Today, women earn 81 cents for every dollar a man makes. For women of color, immigrants, and women with children, the difference is even more significant. Unfortunately, the pandemic adds up more challenges, pushing 47 million more women below the poverty line, reversing decades of progress to eradicate poverty—according to UN Women.
The world has made meaningful steps forward concerning technology. However, there’s still a long way to go in terms of erasing the pay gap between men and women: 250+ years until the globe reaches economic gender parity, as the World Economic Forum 2020 has predicted recently.
In this article, we take a look at the steps that employers and governments could take to reduce the inequalities:
- Acknowledging the gender pay gap
- Addressing inequities caused by COVID-19
- Taking steps in changing the status quo
Acknowledging the gender pay gap
Women’s status has certainly improved in recent years, but inequity is still lingering as the result of continuing historical, social, and political legacies. And today, societies are deeply affected by outdated norms about gender roles, rooted in systemic inequalities.
On one hand, gender stereotypes push women toward care-focused work, resulting in their over-representation in informal jobs, outside the area of labor laws, with consequences as bad as low pay, unsafe environments, or a lack of benefits. At the same time, nowhere in the world are men spending the same amount of time on unpaid work as women. And although care work is essential for prospering communities and economies, it remains undervalued and under-recognized.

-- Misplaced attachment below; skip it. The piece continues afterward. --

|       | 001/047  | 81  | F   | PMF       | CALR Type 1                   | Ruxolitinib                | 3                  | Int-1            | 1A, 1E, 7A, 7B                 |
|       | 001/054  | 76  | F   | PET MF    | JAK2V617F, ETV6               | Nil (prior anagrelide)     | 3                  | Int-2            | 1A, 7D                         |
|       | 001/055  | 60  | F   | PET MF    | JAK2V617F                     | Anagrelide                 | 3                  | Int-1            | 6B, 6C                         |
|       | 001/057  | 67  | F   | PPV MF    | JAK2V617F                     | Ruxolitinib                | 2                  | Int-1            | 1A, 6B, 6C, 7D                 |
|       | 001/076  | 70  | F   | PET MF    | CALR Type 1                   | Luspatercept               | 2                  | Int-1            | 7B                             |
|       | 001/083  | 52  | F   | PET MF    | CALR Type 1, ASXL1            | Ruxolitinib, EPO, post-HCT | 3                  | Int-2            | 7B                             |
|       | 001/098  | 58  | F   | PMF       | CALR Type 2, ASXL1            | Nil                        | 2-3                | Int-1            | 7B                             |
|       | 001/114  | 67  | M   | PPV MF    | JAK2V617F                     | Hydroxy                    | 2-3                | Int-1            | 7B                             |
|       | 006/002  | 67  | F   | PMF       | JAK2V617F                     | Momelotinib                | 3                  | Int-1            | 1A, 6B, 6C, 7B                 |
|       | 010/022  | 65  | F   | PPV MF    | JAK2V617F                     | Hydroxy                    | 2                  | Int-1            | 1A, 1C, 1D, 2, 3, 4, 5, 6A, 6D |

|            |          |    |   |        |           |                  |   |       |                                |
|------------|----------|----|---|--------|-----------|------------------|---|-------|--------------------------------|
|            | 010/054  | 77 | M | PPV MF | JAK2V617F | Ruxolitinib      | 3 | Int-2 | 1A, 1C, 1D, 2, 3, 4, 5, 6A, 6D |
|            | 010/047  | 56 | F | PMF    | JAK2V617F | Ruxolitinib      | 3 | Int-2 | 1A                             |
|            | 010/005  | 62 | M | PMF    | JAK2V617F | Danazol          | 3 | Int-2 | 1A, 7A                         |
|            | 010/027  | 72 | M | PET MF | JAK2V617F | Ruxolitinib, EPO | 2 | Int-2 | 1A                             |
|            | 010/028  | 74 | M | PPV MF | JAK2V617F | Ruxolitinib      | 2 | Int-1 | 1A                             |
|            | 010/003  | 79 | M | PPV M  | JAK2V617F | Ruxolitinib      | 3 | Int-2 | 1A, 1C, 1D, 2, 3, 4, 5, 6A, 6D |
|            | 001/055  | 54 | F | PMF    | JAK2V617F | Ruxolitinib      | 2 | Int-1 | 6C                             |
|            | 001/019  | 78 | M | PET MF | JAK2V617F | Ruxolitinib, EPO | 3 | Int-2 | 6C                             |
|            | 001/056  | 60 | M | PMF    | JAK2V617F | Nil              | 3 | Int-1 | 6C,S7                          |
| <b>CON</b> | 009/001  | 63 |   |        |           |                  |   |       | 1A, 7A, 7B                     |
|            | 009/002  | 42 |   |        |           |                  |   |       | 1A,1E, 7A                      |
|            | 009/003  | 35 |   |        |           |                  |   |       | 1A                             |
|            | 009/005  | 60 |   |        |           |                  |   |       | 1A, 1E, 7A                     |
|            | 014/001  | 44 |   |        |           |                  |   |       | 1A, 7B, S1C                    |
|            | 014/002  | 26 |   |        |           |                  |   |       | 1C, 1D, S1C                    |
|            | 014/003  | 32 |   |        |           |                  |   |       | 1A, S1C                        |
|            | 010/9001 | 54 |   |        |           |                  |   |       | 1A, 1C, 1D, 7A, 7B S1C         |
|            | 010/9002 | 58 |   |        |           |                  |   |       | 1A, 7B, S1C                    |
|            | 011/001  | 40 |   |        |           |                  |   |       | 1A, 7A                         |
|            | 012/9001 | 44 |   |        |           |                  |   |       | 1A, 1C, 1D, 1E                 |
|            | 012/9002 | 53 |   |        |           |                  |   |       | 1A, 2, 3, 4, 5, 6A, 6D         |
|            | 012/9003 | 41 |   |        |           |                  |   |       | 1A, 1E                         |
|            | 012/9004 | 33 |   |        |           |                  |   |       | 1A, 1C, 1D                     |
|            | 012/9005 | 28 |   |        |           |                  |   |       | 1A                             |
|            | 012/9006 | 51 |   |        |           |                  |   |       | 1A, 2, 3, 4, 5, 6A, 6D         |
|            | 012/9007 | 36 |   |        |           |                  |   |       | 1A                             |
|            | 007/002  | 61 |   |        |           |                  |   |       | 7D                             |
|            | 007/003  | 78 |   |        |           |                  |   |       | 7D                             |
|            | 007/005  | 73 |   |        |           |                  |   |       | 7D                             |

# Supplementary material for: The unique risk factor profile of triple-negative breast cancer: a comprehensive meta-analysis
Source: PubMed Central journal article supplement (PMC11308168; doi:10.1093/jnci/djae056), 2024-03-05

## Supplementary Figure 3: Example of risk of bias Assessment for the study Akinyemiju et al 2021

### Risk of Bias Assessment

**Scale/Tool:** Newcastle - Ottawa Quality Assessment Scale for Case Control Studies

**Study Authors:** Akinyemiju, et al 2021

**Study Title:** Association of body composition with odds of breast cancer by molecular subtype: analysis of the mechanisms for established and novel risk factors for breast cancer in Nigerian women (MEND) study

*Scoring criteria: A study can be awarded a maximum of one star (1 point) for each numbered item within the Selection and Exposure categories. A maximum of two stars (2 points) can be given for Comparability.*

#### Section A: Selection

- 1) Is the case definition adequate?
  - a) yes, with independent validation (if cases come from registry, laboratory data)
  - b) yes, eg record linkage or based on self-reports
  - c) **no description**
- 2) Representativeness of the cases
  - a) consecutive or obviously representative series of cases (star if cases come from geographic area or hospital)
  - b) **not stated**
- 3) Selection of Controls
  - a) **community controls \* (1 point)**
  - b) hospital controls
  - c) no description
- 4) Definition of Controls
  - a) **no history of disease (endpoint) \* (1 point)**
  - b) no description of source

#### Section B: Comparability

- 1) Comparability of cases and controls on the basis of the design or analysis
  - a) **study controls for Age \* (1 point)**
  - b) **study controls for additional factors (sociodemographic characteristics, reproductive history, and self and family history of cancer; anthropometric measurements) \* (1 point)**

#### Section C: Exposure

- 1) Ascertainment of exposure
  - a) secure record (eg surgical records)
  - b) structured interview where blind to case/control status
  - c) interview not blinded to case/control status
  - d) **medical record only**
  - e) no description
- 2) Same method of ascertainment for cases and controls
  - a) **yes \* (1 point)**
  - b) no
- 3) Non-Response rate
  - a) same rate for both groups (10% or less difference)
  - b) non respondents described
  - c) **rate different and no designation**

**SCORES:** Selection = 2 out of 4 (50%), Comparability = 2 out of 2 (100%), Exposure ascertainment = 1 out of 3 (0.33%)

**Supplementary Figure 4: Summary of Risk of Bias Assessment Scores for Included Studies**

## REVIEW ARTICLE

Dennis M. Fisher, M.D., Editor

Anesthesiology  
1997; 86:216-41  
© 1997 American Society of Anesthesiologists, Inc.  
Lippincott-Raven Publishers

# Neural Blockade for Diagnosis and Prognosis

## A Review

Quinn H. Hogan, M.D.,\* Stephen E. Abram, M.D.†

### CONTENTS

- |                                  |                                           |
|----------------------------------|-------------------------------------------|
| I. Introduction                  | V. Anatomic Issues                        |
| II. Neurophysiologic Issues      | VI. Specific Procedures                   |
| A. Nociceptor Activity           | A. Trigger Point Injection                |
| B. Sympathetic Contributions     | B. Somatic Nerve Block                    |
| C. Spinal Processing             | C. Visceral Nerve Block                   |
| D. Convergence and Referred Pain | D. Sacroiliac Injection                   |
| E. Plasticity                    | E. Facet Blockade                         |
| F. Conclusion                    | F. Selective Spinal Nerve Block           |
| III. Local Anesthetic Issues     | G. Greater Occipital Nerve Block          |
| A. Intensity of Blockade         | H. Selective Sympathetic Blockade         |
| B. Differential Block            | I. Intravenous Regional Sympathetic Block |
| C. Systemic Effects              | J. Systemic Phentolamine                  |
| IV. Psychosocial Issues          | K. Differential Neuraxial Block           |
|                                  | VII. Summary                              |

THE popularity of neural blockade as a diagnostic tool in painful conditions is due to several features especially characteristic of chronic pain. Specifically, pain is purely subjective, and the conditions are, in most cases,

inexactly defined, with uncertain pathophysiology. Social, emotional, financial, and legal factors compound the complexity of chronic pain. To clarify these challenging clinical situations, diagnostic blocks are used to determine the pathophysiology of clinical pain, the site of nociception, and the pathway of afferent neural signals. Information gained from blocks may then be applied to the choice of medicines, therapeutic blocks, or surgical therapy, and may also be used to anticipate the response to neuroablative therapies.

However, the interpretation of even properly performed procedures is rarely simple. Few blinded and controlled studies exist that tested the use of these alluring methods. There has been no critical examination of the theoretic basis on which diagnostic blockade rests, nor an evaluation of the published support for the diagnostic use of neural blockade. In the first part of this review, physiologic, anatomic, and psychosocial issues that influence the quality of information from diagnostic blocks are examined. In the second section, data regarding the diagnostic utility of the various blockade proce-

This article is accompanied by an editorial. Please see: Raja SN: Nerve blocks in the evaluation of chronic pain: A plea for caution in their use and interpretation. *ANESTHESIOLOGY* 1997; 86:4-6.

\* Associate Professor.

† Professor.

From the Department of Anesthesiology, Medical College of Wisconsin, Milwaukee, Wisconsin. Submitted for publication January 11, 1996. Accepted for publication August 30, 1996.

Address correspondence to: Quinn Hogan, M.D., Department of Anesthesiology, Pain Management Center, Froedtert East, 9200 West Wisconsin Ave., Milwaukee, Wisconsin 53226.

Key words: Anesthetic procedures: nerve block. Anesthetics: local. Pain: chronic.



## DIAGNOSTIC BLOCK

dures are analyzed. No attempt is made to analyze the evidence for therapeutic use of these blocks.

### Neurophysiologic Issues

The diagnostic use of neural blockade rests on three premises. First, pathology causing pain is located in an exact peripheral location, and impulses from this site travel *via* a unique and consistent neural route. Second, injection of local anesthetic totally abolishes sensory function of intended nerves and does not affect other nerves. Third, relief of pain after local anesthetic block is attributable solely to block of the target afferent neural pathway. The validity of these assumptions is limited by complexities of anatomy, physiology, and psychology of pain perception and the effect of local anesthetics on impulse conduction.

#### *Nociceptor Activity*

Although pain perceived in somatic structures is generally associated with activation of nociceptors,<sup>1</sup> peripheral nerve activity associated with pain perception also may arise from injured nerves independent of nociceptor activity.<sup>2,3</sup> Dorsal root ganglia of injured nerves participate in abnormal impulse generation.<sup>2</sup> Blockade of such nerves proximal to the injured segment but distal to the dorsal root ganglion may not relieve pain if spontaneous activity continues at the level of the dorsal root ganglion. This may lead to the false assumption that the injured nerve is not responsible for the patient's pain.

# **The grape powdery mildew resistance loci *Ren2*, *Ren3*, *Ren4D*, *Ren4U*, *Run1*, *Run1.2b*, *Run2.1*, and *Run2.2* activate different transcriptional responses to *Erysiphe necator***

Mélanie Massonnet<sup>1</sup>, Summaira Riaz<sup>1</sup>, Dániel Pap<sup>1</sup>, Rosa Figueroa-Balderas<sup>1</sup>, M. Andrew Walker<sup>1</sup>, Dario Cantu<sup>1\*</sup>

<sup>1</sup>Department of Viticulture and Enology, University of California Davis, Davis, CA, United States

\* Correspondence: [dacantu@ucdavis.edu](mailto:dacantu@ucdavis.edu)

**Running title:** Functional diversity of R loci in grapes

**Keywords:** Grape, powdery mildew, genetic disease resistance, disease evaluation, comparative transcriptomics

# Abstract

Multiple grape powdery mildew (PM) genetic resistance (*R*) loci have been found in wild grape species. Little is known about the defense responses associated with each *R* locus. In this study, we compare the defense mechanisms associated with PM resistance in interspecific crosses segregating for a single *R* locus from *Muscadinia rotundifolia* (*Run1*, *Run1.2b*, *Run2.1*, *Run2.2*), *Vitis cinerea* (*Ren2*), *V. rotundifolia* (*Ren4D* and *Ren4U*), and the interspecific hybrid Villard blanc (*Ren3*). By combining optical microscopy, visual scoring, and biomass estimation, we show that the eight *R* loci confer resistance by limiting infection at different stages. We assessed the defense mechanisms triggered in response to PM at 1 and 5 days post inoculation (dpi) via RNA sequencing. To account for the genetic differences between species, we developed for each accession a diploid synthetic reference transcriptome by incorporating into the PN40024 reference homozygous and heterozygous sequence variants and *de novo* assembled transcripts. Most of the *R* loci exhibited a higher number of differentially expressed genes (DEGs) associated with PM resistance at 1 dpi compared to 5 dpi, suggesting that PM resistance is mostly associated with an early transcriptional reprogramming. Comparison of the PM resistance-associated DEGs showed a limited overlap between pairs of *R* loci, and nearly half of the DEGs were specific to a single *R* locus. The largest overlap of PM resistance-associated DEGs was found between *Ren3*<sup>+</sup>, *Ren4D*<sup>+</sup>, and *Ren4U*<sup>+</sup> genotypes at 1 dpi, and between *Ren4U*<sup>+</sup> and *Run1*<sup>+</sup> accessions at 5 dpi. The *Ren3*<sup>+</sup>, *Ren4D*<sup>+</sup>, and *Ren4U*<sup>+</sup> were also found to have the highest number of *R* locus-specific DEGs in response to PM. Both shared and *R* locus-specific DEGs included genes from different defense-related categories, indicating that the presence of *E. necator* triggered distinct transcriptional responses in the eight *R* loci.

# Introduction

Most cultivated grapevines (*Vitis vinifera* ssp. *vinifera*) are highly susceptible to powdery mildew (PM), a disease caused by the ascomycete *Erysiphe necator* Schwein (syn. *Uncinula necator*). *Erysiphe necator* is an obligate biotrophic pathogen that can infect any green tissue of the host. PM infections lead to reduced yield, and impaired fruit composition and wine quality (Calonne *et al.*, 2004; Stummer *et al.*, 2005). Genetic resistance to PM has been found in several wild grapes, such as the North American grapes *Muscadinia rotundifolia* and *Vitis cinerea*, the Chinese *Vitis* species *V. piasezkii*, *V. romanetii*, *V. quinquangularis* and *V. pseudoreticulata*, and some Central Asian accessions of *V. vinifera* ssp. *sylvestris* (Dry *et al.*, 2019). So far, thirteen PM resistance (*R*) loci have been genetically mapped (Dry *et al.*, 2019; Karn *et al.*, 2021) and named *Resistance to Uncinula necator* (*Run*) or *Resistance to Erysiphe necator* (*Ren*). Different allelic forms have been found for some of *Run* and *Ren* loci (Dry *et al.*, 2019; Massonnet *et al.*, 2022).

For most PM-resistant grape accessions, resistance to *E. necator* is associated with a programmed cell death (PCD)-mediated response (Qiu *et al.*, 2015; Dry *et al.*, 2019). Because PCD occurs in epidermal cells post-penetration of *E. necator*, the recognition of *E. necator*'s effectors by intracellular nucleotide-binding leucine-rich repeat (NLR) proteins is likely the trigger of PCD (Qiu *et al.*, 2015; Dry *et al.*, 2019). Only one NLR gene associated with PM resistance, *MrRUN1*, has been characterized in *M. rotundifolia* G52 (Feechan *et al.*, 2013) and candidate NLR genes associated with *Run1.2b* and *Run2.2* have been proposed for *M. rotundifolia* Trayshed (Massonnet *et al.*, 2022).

On the other hand, society has taught women to be less assertive than men when it comes to asking for raises or negotiating about salary. Out of fear of rejection or punishment for being perceived as “demanding” in the workplace, women avoid asking for equal pay.
Addressing the inequities caused by the pandemic
Women make up the majority of workers on the front lines of the COVID-19 pandemic. They are providing care and health services while facing great risks. And as more women are facing economic difficulties today, fighting the gender pay gap is more urgent than ever. But the impact on women’s lives is not just economic. The past months have been making it challenging accessing sexual health, and violence against women reports have also increased all around the world.
As for the highest risk of suffering layoffs and reductions, jobs in social services, administrative support, or personal care services – widely practiced by women – are all affected. As a result, plans for decreasing the poverty rate have shifted to an increase of 9.1% due to the pandemic.
According to the State of the Gender Pay Gap 2020 research by PayScale, women are also more likely to take time off work to care for children and other family members.
COVID-19 is exposing vulnerabilities in social, political, and economic systems. It is forcing a change in priorities and funding across public and private sectors, with effects on the well-being of women and girls. So, organizations and governments need to acknowledge these issues and start taking steps to close the gender pay gap as soon as possible.